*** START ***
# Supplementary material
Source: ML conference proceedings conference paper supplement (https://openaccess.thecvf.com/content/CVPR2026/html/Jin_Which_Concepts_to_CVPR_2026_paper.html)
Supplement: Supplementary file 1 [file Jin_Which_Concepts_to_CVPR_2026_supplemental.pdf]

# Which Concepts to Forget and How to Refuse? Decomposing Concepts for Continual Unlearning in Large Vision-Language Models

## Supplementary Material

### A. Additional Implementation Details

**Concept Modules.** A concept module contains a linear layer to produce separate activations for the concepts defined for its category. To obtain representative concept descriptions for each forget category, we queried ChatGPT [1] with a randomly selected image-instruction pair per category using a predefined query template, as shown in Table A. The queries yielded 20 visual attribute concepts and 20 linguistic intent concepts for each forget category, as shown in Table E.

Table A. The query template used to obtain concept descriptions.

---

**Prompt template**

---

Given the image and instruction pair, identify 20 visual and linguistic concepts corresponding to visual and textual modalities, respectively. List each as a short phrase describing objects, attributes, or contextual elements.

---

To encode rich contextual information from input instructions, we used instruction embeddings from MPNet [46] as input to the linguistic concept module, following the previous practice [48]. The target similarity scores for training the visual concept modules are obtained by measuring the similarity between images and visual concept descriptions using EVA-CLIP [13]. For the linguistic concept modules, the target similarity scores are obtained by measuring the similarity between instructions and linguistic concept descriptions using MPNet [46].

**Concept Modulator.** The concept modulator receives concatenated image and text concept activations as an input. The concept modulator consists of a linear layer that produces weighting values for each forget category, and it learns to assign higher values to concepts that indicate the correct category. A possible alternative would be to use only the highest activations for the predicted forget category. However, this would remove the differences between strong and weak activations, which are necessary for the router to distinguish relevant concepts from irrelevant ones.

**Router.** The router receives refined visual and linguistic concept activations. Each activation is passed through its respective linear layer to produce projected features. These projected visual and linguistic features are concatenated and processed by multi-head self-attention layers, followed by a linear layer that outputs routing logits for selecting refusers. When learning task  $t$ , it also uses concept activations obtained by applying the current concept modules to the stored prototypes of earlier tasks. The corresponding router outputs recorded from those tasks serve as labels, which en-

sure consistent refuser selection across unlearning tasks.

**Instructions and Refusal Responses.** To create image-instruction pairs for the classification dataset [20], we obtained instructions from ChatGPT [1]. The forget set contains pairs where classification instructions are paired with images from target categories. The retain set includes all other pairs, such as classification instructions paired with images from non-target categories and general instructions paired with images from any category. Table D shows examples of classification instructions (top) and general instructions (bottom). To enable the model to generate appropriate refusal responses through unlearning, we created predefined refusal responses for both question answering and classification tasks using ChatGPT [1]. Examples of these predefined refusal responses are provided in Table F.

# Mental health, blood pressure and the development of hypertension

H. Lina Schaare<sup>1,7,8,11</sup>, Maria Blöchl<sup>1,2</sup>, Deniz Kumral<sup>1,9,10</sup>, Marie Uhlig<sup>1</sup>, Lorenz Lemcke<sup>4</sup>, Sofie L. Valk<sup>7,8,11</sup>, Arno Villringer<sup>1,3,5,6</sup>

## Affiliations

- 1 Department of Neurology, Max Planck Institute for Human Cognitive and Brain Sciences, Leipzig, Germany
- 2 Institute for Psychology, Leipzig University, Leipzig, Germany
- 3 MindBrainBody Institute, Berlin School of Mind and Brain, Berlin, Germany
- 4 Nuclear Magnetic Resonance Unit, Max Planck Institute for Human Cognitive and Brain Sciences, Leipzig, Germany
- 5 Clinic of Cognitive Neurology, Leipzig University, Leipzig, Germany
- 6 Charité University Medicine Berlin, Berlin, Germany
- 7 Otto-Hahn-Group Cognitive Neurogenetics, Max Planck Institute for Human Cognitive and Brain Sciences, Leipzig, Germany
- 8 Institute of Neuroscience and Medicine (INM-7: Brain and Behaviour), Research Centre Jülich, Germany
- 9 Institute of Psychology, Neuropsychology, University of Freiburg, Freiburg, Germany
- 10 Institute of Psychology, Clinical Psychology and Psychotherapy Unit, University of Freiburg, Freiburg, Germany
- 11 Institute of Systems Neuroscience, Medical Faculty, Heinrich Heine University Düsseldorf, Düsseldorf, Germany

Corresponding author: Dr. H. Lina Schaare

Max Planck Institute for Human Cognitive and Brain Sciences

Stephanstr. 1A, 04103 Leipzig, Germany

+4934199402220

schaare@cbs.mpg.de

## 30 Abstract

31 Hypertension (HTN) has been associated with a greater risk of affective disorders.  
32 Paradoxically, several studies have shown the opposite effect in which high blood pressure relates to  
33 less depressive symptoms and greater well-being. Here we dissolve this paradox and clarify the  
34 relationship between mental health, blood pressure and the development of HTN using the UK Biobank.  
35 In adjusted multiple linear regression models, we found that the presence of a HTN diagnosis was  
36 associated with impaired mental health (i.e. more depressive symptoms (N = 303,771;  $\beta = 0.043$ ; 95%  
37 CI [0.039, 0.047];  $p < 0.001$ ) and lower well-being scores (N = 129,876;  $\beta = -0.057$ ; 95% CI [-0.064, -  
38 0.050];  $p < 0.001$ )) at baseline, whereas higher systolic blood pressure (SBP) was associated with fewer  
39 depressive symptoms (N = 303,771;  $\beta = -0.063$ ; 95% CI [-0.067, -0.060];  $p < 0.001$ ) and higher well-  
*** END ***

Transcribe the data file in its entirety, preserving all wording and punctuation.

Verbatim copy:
# Supplementary material
Source: ML conference proceedings conference paper supplement (https://openaccess.thecvf.com/content/CVPR2026/html/Jin_Which_Concepts_to_CVPR_2026_paper.html)
Supplement: Supplementary file 1 [file Jin_Which_Concepts_to_CVPR_2026_supplemental.pdf]

# Which Concepts to Forget and How to Refuse? Decomposing Concepts for Continual Unlearning in Large Vision-Language Models

## Supplementary Material

### A. Additional Implementation Details

**Concept Modules.** A concept module contains a linear layer to produce separate activations for the concepts defined for its category. To obtain representative concept descriptions for each forget category, we queried ChatGPT [1] with a randomly selected image-instruction pair per category using a predefined query template, as shown in Table A. The queries yielded 20 visual attribute concepts and 20 linguistic intent concepts for each forget category, as shown in Table E.

Table A. The query template used to obtain concept descriptions.

---

**Prompt template**

---

Given the image and instruction pair, identify 20 visual and linguistic concepts corresponding to visual and textual modalities, respectively. List each as a short phrase describing objects, attributes, or contextual elements.

---

To encode rich contextual information from input instructions, we used instruction embeddings from MPNet [46] as input to the linguistic concept module, following the previous practice [48]. The target similarity scores for training the visual concept modules are obtained by measuring the similarity between images and visual concept descriptions using EVA-CLIP [13]. For the linguistic concept modules, the target similarity scores are obtained by measuring the similarity between instructions and linguistic concept descriptions using MPNet [46].

**Concept Modulator.** The concept modulator receives concatenated image and text concept activations as an input. The concept modulator consists of a linear layer that produces weighting values for each forget category, and it learns to assign higher values to concepts that indicate the correct category. A possible alternative would be to use only the highest activations for the predicted forget category. However, this would remove the differences between strong and weak activations, which are necessary for the router to distinguish relevant concepts from irrelevant ones.

**Router.** The router receives refined visual and linguistic concept activations. Each activation is passed through its respective linear layer to produce projected features. These projected visual and linguistic features are concatenated and processed by multi-head self-attention layers, followed by a linear layer that outputs routing logits for selecting refusers. When learning task  $t$ , it also uses concept activations obtained by applying the current concept modules to the stored prototypes of earlier tasks. The corresponding router outputs recorded from those tasks serve as labels, which en-

sure consistent refuser selection across unlearning tasks.

**Instructions and Refusal Responses.** To create image-instruction pairs for the classification dataset [20], we obtained instructions from ChatGPT [1]. The forget set contains pairs where classification instructions are paired with images from target categories. The retain set includes all other pairs, such as classification instructions paired with images from non-target categories and general instructions paired with images from any category. Table D shows examples of classification instructions (top) and general instructions (bottom). To enable the model to generate appropriate refusal responses through unlearning, we created predefined refusal responses for both question answering and classification tasks using ChatGPT [1]. Examples of these predefined refusal responses are provided in Table F.

# Mental health, blood pressure and the development of hypertension

H. Lina Schaare<sup>1,7,8,11</sup>, Maria Blöchl<sup>1,2</sup>, Deniz Kumral<sup>1,9,10</sup>, Marie Uhlig<sup>1</sup>, Lorenz Lemcke<sup>4</sup>, Sofie L. Valk<sup>7,8,11</sup>, Arno Villringer<sup>1,3,5,6</sup>

## Affiliations

- 1 Department of Neurology, Max Planck Institute for Human Cognitive and Brain Sciences, Leipzig, Germany
- 2 Institute for Psychology, Leipzig University, Leipzig, Germany
- 3 MindBrainBody Institute, Berlin School of Mind and Brain, Berlin, Germany
- 4 Nuclear Magnetic Resonance Unit, Max Planck Institute for Human Cognitive and Brain Sciences, Leipzig, Germany
- 5 Clinic of Cognitive Neurology, Leipzig University, Leipzig, Germany
- 6 Charité University Medicine Berlin, Berlin, Germany
- 7 Otto-Hahn-Group Cognitive Neurogenetics, Max Planck Institute for Human Cognitive and Brain Sciences, Leipzig, Germany
- 8 Institute of Neuroscience and Medicine (INM-7: Brain and Behaviour), Research Centre Jülich, Germany
- 9 Institute of Psychology, Neuropsychology, University of Freiburg, Freiburg, Germany
- 10 Institute of Psychology, Clinical Psychology and Psychotherapy Unit, University of Freiburg, Freiburg, Germany
- 11 Institute of Systems Neuroscience, Medical Faculty, Heinrich Heine University Düsseldorf, Düsseldorf, Germany

Corresponding author: Dr. H. Lina Schaare

Max Planck Institute for Human Cognitive and Brain Sciences

Stephanstr. 1A, 04103 Leipzig, Germany

+4934199402220

schaare@cbs.mpg.de

## 30 Abstract

31 Hypertension (HTN) has been associated with a greater risk of affective disorders.  
32 Paradoxically, several studies have shown the opposite effect in which high blood pressure relates to  
33 less depressive symptoms and greater well-being. Here we dissolve this paradox and clarify the  
34 relationship between mental health, blood pressure and the development of HTN using the UK Biobank.  
35 In adjusted multiple linear regression models, we found that the presence of a HTN diagnosis was  
36 associated with impaired mental health (i.e. more depressive symptoms (N = 303,771;  $\beta = 0.043$ ; 95%  
37 CI [0.039, 0.047];  $p < 0.001$ ) and lower well-being scores (N = 129,876;  $\beta = -0.057$ ; 95% CI [-0.064, -  
38 0.050];  $p < 0.001$ )) at baseline, whereas higher systolic blood pressure (SBP) was associated with fewer  
39 depressive symptoms (N = 303,771;  $\beta = -0.063$ ; 95% CI [-0.067, -0.060];  $p < 0.001$ ) and higher well-  